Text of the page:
Natural gas pipeline coming to Floyd Bennett Field

December 5, 2012 Denise Romano
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The pipeline is coming!

On Thursday, November 29, President Barack Obama signed the New York City Natural Gas Enhancement Act into law, making the construction of a new natural gas pipeline in the city a reality.

The pipeline will pass underneath Jacob Riis Park and Jamaica Bay to a new meter and regulator station at Floyd Bennett Field, which is part of the Gateway National Recreation Area.

The planned route will avoid residential, commercial and environmentally sensitive areas, according to the language in the law, which authorizes the Secretary of the Interior to permit the Transcontinental Gas Pipeline Company to construct, operate and maintain a natural gas pipeline and related facilities in Gateway, which is part of the National Park System.

The construction and operation of the pipeline will create up to 300 local jobs, generate about $265 million in revenue, $8 million in annual local property taxes and aim to bring clean energy to the city.

In addition, the hangars at Floyd Bennett Field will be restored to historical standards at no cost to the government. The project will be a joint effort between the private sector and all levels of government, without any additional federal spending.

According to the bill, the current pipeline that serves this area of Brooklyn and Queens was built 40 to 60 years ago and is no longer able to meet demands. This new pipeline will be built off of the existing Williams pipeline that currently brings natural gas from New Jersey to Long Island.

“Given the destruction of Hurricane Sandy, this law could not come at a more critical time for New York City. This pipeline will help us build a stable, clean-energy future for New Yorkers and will ensure the reliability of the city’s future energy needs,” said Mayor Michael Bloomberg.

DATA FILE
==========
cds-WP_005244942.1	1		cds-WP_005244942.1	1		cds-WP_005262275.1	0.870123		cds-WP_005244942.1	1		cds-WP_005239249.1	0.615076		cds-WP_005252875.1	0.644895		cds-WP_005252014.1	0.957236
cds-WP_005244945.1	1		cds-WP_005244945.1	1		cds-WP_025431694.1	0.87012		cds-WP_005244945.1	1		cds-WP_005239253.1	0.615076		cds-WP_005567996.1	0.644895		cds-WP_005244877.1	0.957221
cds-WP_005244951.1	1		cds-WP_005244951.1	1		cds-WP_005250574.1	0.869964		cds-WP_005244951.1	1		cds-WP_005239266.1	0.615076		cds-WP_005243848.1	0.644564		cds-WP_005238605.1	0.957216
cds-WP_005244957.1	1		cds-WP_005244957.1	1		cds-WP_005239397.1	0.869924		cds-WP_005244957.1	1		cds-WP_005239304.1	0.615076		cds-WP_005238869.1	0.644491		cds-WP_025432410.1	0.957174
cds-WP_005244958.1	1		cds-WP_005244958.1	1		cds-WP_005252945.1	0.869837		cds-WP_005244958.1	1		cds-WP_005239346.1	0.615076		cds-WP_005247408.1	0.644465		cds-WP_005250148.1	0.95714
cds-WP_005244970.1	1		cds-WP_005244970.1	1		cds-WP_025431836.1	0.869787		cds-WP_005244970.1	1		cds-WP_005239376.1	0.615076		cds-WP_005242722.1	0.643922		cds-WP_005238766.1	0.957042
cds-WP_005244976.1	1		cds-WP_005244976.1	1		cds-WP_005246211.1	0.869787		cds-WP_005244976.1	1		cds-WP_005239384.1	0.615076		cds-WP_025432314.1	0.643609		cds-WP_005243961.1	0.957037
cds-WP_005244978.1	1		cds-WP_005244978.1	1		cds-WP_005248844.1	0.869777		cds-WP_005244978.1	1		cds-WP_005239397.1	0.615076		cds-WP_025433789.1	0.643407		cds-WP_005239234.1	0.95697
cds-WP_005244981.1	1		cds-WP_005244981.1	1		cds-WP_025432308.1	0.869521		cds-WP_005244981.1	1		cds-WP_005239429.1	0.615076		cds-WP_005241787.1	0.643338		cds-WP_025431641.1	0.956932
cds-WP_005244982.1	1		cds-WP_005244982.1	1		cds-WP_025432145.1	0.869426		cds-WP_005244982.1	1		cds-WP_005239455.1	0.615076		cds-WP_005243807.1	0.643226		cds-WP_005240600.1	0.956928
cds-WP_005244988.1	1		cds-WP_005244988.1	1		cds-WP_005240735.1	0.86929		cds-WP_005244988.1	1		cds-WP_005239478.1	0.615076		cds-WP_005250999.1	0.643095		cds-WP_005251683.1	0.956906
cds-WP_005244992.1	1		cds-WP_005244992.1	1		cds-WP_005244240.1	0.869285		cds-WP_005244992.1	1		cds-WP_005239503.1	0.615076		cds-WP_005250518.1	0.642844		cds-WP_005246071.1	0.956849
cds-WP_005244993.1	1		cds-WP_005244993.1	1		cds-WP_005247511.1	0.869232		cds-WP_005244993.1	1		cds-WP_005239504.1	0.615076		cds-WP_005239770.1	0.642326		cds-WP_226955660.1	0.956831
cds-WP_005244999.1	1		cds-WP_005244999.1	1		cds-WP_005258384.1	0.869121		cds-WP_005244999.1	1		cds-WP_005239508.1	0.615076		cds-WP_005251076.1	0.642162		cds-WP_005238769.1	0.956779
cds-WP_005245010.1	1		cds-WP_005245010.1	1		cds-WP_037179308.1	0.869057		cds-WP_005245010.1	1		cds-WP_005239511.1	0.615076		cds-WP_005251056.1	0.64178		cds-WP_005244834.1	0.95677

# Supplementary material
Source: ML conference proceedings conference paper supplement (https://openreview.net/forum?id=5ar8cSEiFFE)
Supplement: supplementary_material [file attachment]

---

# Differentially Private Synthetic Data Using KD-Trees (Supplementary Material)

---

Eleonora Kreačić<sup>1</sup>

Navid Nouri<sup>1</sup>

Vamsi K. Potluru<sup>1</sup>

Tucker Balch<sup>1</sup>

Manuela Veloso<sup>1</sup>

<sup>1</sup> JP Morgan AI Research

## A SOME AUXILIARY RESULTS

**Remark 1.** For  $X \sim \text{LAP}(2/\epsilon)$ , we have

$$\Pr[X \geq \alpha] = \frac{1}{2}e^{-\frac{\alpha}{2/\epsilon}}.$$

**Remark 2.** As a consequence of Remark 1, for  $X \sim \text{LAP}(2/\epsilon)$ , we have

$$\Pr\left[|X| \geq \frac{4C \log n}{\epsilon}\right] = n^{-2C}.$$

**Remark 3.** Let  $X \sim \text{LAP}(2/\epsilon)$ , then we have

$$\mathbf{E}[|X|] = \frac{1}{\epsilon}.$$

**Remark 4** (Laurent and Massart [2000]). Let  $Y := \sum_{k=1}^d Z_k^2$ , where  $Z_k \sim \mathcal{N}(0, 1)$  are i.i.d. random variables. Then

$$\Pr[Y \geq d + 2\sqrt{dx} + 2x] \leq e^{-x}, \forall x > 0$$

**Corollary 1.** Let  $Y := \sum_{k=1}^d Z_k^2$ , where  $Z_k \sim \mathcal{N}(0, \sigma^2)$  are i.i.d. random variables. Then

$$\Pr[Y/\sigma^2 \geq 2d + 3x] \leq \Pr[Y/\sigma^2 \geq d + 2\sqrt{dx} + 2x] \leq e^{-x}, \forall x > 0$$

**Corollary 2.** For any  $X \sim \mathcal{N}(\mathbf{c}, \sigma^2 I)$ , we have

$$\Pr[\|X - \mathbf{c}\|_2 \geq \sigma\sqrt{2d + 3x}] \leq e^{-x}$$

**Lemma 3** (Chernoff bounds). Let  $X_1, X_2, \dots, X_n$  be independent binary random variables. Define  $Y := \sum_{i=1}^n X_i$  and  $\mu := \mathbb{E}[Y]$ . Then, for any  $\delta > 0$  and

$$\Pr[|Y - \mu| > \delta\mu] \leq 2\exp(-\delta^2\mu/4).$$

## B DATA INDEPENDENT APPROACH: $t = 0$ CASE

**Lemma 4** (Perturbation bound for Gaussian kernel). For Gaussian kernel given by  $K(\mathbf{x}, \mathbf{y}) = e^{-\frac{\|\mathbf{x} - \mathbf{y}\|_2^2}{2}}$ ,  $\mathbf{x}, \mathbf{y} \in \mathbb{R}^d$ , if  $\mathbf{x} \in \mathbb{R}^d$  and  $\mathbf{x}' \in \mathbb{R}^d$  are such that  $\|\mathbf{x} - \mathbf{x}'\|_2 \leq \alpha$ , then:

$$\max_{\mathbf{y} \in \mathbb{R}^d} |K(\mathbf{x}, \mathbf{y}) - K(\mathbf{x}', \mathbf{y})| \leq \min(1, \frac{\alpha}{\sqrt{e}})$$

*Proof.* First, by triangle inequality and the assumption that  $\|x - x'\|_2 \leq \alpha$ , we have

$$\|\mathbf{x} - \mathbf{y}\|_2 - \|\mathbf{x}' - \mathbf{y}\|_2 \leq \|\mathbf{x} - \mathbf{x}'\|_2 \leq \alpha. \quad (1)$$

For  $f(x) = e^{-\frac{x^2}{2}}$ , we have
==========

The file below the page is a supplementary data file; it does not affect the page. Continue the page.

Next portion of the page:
Congressmember Michael Grimm was one of the sponsors of the bill.

“In the aftermath of Sandy, New York City is in desperate need of revenue and jobs, which is why I am thrilled that my legislation was signed into law today,” said Grimm. “The NYC Natural Gas Supply Enhancement Act is the perfect example of government supporting private sector job growth here in New York City – without any federal spending – while bringing clean, affordable energy to our residents and businesses. At a time when many in New York City have suffered such great loss, this is welcomed news as we seek to rebuild our local economy and our communities.”

Nonetheless, not all of New York’s elected representatives are in favor of the new pipeline. Congressmember Yvette Clarke said, ““People from every part of Brooklyn – from Prospect Heights to Gerritsen Beach to Marine Park – have very valid and serious concerns about the potentially harmful effects of this pipeline on the environment. In the aftermath of Hurricane Sandy, we must establish that this pipeline will not put the families of Brooklyn in harm’s way.”

Those who live and work around Floyd Bennett Field also have mixed feelings with the decision.

“I wish they could have done it in a different way but the geography seems to lend itself to the way the engineers have planned it,” commented Assemblymember Alan Maisel, whose district encompasses Floyd Bennett Field and its surrounding neighborhoods. “The bottom line is New York City needs a gas supply. Within four to five years, we will have an inadequate supply. The Barclays Center is using natural gas. Where is it going to come from?”

Saul Needle, chair of Community Board 18, said that he has heard testimony over the past few months from National Grid, residents and organizations that were opposed to the pipeline, as well as those who supported it.

“Unfortunately, the federal government signed off and it’s coming,” he said. “All we can do is monitor the situation and hope that the promises made by National Grid can be met.”

The pipeline project was included in the PlaNYC2030 report and is supported by the National Parks Service, the Regional Plan Association and the City of New York.

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